An investigation by The New York Times found what criminal defense attorneys have known about driving under the influence (DUI) law for some time, now: Breath testing machines are not always accurate.
New York Times Investigates Breathalyzers to Find Them Prone to Error
The New York Times recently published some investigative journalism about how accurate breath testing machines can be. They seemed shocked by how frequently they produced poor results, how often they were miscalibrated by the police officers using them, and how poorly they are maintained by police departments.
More recent editions of the machines rely on software, rather than mechanical processes. These are even scarier because problems may never get traced to the machine and there is a solid chance that no one ever realizes that a machine is providing incorrect results.
Unfortunately, these are all things that criminal defense lawyers have known about for a long time.
A Tentative Attempt at Scientific Accuracy, At Best
At best, breathalyzers are a tentative attempt to scientifically measure the amount of alcohol in someone's bloodstream. Blood alcohol content, or BAC, is the Holy Grail of DUI investigations – if a driver has a BAC at or above the legal limit of 0.08%, they are per se under the influence. Defending against DUI charges when there is this damning evidence against you is difficult.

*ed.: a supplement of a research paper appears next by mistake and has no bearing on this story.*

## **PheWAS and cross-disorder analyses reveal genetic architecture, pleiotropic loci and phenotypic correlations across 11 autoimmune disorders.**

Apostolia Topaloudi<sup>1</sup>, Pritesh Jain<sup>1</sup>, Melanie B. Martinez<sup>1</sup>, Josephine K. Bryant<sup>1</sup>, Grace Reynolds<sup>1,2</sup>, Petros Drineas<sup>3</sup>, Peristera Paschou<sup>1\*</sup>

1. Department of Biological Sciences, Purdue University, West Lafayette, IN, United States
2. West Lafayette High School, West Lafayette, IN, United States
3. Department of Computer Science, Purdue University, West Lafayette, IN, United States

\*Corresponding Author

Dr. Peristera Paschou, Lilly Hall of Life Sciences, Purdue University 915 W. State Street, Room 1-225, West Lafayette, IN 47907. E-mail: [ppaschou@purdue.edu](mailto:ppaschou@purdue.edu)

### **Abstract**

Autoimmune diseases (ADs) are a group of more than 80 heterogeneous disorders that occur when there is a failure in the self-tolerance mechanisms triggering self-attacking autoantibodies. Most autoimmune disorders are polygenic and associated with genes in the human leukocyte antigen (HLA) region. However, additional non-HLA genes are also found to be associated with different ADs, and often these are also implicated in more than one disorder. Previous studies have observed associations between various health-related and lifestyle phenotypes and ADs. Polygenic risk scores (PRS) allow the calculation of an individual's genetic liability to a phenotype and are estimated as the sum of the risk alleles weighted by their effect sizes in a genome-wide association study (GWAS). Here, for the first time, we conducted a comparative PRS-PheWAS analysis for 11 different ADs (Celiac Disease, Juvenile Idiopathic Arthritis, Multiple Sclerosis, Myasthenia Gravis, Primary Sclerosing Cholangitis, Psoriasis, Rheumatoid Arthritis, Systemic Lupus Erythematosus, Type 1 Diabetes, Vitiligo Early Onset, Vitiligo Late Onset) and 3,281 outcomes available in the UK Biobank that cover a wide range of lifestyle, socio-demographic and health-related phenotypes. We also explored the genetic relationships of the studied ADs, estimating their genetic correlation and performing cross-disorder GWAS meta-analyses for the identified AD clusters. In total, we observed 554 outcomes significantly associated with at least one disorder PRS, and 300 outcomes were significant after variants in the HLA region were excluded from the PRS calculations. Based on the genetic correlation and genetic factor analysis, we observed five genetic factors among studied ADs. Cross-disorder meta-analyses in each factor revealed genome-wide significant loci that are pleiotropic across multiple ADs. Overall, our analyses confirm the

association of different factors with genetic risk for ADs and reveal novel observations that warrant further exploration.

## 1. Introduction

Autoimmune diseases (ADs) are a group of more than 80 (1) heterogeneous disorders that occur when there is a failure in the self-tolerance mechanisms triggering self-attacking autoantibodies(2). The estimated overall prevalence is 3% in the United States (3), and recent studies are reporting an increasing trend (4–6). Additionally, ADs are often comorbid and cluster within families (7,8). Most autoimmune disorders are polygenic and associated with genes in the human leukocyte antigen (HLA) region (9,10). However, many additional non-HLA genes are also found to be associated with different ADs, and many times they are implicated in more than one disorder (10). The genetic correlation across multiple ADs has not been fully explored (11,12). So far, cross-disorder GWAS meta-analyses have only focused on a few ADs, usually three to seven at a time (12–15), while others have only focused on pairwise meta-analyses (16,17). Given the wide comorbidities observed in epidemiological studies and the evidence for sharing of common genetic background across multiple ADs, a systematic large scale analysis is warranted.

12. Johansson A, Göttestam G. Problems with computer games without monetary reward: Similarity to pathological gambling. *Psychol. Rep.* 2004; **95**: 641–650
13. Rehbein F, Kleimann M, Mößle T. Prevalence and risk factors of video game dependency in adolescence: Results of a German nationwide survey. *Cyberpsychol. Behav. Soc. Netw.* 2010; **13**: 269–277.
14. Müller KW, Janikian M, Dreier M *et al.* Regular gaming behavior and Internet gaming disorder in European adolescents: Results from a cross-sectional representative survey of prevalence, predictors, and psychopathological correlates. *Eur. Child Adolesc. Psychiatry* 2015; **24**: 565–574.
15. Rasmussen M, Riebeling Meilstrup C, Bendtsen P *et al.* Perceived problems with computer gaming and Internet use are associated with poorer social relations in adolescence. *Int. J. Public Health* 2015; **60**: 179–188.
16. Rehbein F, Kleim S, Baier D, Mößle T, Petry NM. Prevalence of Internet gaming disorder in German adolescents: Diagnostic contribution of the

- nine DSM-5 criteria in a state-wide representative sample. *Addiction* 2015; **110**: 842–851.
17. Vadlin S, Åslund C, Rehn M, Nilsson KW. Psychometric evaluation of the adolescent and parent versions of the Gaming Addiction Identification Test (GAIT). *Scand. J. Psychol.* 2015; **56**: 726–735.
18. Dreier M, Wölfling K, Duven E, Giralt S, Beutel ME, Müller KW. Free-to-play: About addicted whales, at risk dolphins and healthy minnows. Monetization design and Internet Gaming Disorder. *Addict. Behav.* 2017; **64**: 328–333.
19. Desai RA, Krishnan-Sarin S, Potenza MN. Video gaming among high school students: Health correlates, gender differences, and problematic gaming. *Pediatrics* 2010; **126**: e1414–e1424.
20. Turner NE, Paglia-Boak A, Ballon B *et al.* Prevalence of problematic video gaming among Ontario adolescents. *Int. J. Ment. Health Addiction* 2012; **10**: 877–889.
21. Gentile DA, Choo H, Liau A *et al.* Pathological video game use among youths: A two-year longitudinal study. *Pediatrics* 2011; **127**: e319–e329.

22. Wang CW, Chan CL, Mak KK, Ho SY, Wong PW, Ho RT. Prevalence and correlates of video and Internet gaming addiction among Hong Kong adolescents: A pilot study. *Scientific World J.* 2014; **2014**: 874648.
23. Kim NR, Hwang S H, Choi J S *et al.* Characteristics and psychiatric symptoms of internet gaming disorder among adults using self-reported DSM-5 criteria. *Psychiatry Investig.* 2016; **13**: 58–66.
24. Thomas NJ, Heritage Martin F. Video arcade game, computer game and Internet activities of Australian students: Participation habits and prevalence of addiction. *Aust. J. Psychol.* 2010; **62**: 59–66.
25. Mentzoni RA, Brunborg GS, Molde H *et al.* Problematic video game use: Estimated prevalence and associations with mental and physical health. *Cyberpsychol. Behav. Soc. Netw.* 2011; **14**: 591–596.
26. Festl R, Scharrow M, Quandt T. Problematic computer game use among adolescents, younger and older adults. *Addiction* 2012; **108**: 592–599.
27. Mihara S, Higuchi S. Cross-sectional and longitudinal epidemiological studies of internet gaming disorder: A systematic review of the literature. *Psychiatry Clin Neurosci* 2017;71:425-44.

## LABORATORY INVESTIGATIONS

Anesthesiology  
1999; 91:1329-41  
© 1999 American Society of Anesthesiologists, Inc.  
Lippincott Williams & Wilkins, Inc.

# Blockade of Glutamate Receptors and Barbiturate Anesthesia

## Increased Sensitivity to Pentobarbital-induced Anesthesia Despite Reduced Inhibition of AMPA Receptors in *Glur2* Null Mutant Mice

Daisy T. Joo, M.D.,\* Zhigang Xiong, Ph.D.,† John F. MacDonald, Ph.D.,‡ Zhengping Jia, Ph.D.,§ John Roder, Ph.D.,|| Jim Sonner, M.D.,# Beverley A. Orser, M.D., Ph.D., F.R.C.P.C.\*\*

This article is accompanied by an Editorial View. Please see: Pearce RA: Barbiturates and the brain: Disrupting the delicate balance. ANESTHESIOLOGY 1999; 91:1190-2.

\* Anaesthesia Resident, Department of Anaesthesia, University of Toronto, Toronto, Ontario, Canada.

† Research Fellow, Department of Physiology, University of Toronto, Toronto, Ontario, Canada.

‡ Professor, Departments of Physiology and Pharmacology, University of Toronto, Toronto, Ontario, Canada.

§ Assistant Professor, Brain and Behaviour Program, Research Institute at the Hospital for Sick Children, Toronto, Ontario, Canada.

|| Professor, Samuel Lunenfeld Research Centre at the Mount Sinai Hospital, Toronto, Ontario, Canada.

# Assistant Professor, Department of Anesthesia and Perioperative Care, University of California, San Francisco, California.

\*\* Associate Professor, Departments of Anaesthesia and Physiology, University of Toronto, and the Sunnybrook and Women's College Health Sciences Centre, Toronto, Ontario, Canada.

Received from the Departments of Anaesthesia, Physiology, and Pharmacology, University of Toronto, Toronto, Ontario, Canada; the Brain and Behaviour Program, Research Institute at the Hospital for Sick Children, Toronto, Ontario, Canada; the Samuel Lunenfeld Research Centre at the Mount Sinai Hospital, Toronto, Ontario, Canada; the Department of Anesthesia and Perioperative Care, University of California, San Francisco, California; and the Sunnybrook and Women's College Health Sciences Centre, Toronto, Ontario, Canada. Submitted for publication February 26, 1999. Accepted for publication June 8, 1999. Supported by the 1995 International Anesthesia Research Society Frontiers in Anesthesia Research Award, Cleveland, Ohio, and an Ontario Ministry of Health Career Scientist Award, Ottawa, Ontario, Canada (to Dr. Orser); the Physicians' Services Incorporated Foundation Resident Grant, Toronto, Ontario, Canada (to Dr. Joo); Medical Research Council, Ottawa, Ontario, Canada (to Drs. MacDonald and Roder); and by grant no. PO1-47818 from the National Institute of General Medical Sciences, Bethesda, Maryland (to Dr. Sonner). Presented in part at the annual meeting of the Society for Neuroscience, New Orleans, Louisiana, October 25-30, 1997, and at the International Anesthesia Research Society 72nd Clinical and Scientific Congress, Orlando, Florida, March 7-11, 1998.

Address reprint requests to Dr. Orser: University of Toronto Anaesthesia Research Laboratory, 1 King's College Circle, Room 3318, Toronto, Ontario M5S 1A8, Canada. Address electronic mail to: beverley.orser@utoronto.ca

But contrary to what police claim, breathalyzers don't measure someone's BAC. They measure a driver's BrAC – their breath alcohol content. That's the amount of alcohol that is on someone's breath, not in their blood.
The connection between BAC and BrAC is tight, but not foolproof: Alcohol-laden blood passes through the lungs, leaving alcohol behind at a known rate. When the driver exhales, the breath from their lungs will have that alcohol on it.
Therefore, a driver's BrAC should be closely linked to their BAC. However, the match is not always perfect. Environmental factors can skew the results, even if the breathalyzer is functioning perfectly.
In Reality, Another Overhyped and Overtrusted Police Tactic
But breathalyzers are rarely performing the way they are supposed to. They need constant calibration to make sure they are spitting out readings that are accurate. They also have to be administered correctly by police, which might make their arrest numbers go down.
These are things that are often overlooked or actively ignored by the police who use them to get people into serious legal trouble.
It's about time a major news outlet shone the limelight on this faulty police tactic and reveal it for what it really is – another example of the “revolutionary crime-solving technology” that brought us duds like bite mark analysis, handwriting experts, and hair matching evidence.
DUI Defense Lawyer Joseph D. Lento Serves Philadelphia
Joseph D. Lento is a DUI defense lawyer who helps people who have been accused of drunk or drugged driving in the Philadelphia area. Contact him online or call his law office at (215) 535-5353 if you have been accused of DUI and want to challenge the results of a breathalyzer.